At any given point in time, it’s estimated that there are 2.6 million feral goats in Australia, with their populations fluctuating greatly during periods of drought and high fertility, and depending on what management programs are in operation.
Unlike a lot of other feral animal species, goats aren’t constrained to only certain areas – they cover 28 per cent of the country everywhere from western New South Wales to South Australia, Western Australia and Queensland. However, they do tend to prefer rocky and hilly semi-arid areas.
But, where did they come from, and why are they a reason for concern?
The Emergence of Feral Goats
Goats first arrived in Australia way back in 1788, introduced into the country by the First Fleet. Because goats are small and hardy, can eat a variety of plant-based foods and could provide both meat and milk to settlers, goats were the preferred livestock of early European settlers. Certain breeds were even imported for their lush hair, and later on, to maintain weeds in plantation forests and pastoral land.
In fact, they were considered so useful that sailors actually released them onto islands and remote areas of the mainland in the 19th century, so they could be used as emergency food if a situation ever called for it.
However, over time, the combination of wild goats and escaped/released/abandoned domestic goats started to present more problems than they did solutions. Population growth started to get out of control, and they started to create problems for the Australian ecosystem.
The Impact of Feral Goats in Australia
One of the biggest impacts goats have on our natural ecosystem is overgrazing. As their numbers continue to grow, the toll they have on native vegetation such as herbs, grasses and trees starts to lead to erosion, which prevents the vegetation from regrowing in the future.
Funnily enough, even though they were once used to prevent weed growth, the seeds they carry in their dung can actually cause the spread of weeds across large sections of land. They also foul waterholes, and during periods of long droughts, compete with native and domestic animals for things like food, water and shelter. One example of this is the yellow-footed wallaby. These wallabies are often exposed to predation by wedge-tailed eagles and foxes because they have to compete for their preferred rock shelters with wild goats.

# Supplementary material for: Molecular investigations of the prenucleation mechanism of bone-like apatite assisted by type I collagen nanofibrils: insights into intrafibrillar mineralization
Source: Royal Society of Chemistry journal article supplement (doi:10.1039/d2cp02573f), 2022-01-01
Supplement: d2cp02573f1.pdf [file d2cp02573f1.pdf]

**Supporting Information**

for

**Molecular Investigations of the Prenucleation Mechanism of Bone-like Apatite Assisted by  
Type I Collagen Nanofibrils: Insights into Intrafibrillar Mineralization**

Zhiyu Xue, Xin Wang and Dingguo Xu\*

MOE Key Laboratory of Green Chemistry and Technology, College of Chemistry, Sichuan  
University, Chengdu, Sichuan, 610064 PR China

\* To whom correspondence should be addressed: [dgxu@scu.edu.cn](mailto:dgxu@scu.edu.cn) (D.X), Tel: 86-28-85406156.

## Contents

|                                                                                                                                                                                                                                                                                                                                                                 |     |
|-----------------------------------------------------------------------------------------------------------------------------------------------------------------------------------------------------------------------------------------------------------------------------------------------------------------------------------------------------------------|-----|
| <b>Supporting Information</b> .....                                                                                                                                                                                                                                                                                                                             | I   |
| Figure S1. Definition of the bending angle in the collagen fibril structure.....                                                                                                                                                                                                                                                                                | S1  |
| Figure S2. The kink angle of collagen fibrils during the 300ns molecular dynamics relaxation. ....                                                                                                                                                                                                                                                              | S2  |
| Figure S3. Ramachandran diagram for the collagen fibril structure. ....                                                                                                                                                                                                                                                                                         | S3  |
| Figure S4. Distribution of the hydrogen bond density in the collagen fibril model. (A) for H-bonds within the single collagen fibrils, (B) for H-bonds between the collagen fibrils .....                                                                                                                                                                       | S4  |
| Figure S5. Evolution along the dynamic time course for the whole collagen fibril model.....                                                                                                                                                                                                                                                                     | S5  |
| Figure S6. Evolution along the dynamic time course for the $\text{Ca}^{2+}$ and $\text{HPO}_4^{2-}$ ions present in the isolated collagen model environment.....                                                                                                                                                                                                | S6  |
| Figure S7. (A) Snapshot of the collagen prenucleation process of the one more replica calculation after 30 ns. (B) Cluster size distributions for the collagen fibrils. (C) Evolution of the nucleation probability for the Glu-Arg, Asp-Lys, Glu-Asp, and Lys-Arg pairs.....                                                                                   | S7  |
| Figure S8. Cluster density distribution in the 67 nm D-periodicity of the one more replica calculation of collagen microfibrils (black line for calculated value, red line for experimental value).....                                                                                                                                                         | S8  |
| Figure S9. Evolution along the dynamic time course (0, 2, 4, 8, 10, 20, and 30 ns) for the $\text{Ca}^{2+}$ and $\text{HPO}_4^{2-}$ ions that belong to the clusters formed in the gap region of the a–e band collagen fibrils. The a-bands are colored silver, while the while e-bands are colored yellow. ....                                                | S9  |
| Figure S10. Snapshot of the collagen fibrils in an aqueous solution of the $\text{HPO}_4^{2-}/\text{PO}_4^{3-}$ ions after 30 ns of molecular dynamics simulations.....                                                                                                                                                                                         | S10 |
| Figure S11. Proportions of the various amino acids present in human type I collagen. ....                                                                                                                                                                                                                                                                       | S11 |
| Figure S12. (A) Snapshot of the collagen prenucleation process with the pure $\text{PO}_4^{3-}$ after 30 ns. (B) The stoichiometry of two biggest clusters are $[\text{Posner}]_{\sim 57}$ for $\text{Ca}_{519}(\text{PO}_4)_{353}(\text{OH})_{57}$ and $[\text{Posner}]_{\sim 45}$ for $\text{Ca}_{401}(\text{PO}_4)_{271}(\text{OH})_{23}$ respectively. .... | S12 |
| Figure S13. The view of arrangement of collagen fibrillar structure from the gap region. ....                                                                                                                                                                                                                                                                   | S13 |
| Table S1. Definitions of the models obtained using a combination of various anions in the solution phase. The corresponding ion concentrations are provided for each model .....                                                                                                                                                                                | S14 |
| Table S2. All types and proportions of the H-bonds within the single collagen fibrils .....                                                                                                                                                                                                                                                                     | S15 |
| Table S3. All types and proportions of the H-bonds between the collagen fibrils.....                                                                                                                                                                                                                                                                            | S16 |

Disease is also prevalent in goats, as they carry footrot and can infect sheep through simple contact. It’s also believed that goats carry a number of exotic diseases, such as foot-and-mouth, and can help disseminate diseases over larger areas if there’s ever an outbreak.
Feral Goat Control in Australia
This is where things get tricky, as there’s no black and white when it comes to goats. Despite posing environmental and agricultural threats, they also offer commercial benefits and are used for game by recreational hunters. Control can also be difficult since goats have proven almost impossible to eradicate, especially on the mainland, as they bounce back from culling attempts really well. As such, pest controllers usually target areas with threatened native plants, animals and ecological communities.
However, there are a few different control methods in place to minimise the impact of goats on Australia’s ecosystem.
In areas of arid and semi-arid country, goats can be mustered for slaughter, with female goats often being sold as breeding stock for flocks of mohairs. In areas that are difficult to reach by land, aerial culling has become standard practice. This is usually considered the most humane and efficient method for eliminating small groups of feral goats.
Trapping can also be used when water sources are scarce. When it’s hot and dry, water is harder to find and goats need more of it. This means they’re drawn to water sources and are hesitant to move away from them. In these situations, goat-proof fencing with one-way gates can be installed. The goats can get into the fenced off area to access the water, but they will be unable to leave.
Finally, radio tracking can also be utilised to track wild goat herds. One goat is caught and fitted with a radio collar before being released into the wild again. The signal in their collar will be tracked until the goat finds a herd that can then be culled.
As with all forms of animal pest control, only humane, government-approved methods are utilised. This is a policy that we strongly adhere to here at Animal Pest Management Services. If you have any queries relating to feral goats in Australia, or any other invasive animal species, contact us today!